Lands of Lore: The Throne of Chaos

With Lands of Lore: The Throne of Chaos (LANDS), Westwood Studios has created another hybrid roleplaying-adventure game that sacrifices content for graphic beauty. While that might sound like a negative statement, keep in mind that graphics are what attracts most gamers nowadays. This is the kind of game which will have tons of people looking at the back of its box in the store.

The massive attention given to graphic detail has come to be a trademark of Westwood/Virgin games. Before LANDS, there was Sword of Excalibur and Vengeance of Excalibur, Dune, Dune II, and the now legendary (no pun intended) Legends of Kyrandia. The latter, however, earned a reputation for being easy to complete and uninteresting after a short period of time. Gamers who like games in its genre tended to stick with Sierra's Quest for Glory series. LANDS, with its realistic rat-men (?) and NPCs galore, is an attempt to fend off Kyrandia's curse and become the best game in its field. 

For starters, this is a BIG game, folks. It hogs a good 20MB on your hard drive (roughly 18MB of which is compressed graphics), and don't even think about running it on a 286. It needs a 386SX with at least 2MB of RAM. After begrudgingly wiping Star Control 2 (no, I haven't finished it yet. . . ) off my drive to make room for it, I installed and fired up the game. I was greeted by a wonderful intro sequence with fluid animation and, thanks to my ProAudio Spectrum 16, speech. The game itself lacks speech, but doesn't need it anyway.

LANDS gets started with King Richard of Gladstone asking you to volunteer your services to get rid of Scotia, the mad witch who plays the role of antagonist throughout the game. You can select any of four pre-rolled characters to play. There is a lizard-man mage, a catlike thief, and two human characters : a fighter and a balanced, average type. For me, this was the first real signal that I wasn't playing a true roleplaying game. There's no character creation. . . no re-rolling if you don't like any of the four. Nevertheless, I selected the mage, which I always played in my Dungeons and Dragons days, and found myself in the entrance hall of Gladstone Keep, free to explore. The user interface contains a view window with likenesses of the characters in your party below it, an inventory "strip" at the bottom of the screen, 6 mouse-driven movement panels, and accessories such as your map and spell scroll along the sides of the screen. It will remind many of SSI's Eye of the Beholder series. It should. . . Westwood designed that interface for SSI.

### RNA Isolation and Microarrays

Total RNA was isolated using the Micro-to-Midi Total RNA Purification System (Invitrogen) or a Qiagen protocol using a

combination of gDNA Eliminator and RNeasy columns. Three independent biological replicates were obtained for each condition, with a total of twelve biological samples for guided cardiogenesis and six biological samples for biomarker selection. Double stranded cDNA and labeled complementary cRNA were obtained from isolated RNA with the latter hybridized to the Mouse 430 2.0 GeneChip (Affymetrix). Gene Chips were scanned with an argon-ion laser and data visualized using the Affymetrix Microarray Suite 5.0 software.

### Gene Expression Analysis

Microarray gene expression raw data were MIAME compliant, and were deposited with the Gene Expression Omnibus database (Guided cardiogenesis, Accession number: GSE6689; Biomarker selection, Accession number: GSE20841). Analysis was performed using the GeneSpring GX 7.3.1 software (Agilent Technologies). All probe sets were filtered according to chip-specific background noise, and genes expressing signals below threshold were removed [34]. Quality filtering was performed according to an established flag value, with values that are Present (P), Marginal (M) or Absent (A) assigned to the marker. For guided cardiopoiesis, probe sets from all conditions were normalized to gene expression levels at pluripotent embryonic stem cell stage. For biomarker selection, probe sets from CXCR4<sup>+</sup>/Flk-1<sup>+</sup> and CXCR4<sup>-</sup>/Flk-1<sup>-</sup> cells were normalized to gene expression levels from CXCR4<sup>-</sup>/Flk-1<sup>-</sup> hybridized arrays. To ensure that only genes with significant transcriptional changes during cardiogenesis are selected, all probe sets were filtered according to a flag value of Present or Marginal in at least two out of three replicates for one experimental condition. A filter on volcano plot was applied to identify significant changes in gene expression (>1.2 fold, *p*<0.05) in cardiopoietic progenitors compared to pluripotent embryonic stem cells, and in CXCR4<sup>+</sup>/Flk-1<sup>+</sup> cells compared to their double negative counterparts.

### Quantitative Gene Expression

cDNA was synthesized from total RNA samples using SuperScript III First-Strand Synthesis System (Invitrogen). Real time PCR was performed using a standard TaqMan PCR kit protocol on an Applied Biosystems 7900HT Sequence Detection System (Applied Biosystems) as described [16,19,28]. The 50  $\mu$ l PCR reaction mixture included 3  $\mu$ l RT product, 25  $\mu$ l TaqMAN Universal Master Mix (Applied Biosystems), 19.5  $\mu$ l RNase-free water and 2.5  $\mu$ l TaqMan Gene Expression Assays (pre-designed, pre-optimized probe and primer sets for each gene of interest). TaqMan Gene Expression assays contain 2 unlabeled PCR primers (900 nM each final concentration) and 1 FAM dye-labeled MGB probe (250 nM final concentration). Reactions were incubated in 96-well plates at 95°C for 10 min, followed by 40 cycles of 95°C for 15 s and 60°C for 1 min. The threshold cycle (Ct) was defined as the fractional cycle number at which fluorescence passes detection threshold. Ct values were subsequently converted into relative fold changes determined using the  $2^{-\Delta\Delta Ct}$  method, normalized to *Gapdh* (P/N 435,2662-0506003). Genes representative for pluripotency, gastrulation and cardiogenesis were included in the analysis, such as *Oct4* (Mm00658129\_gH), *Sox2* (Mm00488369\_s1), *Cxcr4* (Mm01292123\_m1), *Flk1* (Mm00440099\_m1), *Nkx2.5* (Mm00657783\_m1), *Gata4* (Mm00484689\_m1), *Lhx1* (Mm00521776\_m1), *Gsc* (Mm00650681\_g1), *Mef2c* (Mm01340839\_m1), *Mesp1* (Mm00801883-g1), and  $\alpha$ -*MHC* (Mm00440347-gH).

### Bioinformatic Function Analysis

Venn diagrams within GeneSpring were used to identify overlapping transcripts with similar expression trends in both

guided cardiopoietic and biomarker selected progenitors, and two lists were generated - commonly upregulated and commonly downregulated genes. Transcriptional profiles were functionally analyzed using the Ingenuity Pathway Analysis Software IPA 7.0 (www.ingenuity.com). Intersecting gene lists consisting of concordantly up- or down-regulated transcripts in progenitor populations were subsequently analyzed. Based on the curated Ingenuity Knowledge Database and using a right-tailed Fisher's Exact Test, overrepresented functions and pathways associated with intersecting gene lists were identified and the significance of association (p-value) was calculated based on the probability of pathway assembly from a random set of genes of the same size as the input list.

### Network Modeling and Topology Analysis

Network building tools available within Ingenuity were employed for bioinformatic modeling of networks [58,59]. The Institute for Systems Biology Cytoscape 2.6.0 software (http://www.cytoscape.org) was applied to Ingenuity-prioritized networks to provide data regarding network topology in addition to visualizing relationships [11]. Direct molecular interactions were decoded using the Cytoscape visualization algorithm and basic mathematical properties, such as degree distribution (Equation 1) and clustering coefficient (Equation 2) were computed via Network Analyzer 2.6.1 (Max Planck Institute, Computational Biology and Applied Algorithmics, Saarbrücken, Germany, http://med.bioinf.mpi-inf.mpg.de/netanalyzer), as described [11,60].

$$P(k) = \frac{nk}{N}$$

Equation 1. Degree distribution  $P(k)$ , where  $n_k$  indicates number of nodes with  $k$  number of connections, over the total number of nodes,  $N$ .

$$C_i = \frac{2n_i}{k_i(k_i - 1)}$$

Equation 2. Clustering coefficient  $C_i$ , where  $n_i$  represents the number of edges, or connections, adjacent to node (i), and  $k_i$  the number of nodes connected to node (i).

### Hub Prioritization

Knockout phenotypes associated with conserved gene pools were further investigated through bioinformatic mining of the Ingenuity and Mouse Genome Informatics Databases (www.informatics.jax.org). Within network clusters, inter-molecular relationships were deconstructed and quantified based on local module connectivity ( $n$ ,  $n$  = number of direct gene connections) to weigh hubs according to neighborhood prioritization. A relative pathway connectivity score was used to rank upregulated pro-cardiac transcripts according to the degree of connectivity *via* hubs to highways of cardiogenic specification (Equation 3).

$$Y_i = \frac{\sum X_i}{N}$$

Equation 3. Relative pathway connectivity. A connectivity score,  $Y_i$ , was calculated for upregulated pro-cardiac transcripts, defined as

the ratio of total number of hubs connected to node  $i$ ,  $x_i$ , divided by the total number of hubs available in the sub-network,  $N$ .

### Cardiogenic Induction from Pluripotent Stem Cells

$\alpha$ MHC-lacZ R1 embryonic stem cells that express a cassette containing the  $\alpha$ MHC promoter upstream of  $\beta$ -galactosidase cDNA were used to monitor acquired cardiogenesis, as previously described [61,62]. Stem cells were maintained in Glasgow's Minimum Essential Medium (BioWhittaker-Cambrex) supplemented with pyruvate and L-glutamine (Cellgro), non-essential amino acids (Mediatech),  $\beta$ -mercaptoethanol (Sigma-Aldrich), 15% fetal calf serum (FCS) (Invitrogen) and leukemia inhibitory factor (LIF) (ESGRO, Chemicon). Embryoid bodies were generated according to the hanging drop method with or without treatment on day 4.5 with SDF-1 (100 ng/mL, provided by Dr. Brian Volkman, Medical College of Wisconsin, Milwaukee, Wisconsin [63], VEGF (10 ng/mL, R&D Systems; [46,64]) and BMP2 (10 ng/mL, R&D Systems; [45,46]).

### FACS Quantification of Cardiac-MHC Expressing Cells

After 10 minutes or so of exploring the castle and visiting the weapon and healing shops that are commonplace in every roleplaying game, you approach Richard and get your first assignment : to recover the Ruby of Truth. When you return after completing the first phase of this quest, however, you discover that Scotia has stormed the castle and that Richard is near death. With the objective for the rest of the game now clear ("save Richard"), the characters search the wild outdoors and treacherous caverns of the Lands searching for a cure. Once outside, movement is quick (on fast machines, you can turn on a "smooth scrolling" option for realism) and there are many places, people, and creatures to find. . . most of whom are hostile (and ugly). And so, you'll be engaging in combat often. The simple mouse-driven system involves clicking on a character's weapon icon for hand-to-hand combat, or on a rune icon to cast a spell. Spells can be cast with four different levels of intensity, depending on how many magic points your character has available. Magic will quickly become your favorite method of attack. . . not only because of the greater damage, but because the special effects associated with the casting are extraordinary. Magic-crazed players must beware, though : "Level 4" spells drain many magic points, and until you get far along in the game and gain experience, casting more than one of them per battle won't be possible. Luckily, the game contains many NPCs that will join your party at various points in the game and can pull your fat out of the fire with spells of their own. And lastly, if one of your characters DOES happen to die, have another one cast a heal spell on him or use the magical abilities of various herbs to revive him.

NPCs play a large part in LANDS. There are two different types : the aforementioned type that join your party and that you control in battle, and the "actors" such as King Richard and his assistants, who will all help you in one way or another once you find them in the game. Oh, and speaking of finding things : items abound EVERYWHERE. Here's the first place where realism sort of slips out the window. You're bound to pick up a couple of daggers lying on the ground in the forest, healing herbs in hollow trees, and even lockpicks sitting on a cavern floor. And this is in the immediate vicinity of the castle. So much for the joy of discovery.

Also, LANDS lets you rest anywhere and rejuvenates your health and magic points at the same rate regardless of conditions. I'd like to think that the programmers would have enough common sense not to let you sleep and heal in an acidic, demon-infested swamp. At least not before drinking many cocktails, which there aren't any of in this game. Nor is there food of ANY sort. . . am I wrong, or should people who swing 40lb swords and climb 10 flights of stairs routinely have a snack every once in a while?

I'm getting carried away, though. Truth to tell, LANDS has what most adventure game players want : An extremely easy interface, a plot deep enough to keep one paying attention, the ability to save a game anywhere, and graphics good enough to knock a buzzard off a wagon. Those who look past first impressions will be slightly disappointed with its simplicity, but if it's looks you want, beauty isn't in the "Eye of the Beholder" like it is in Lands of Lore.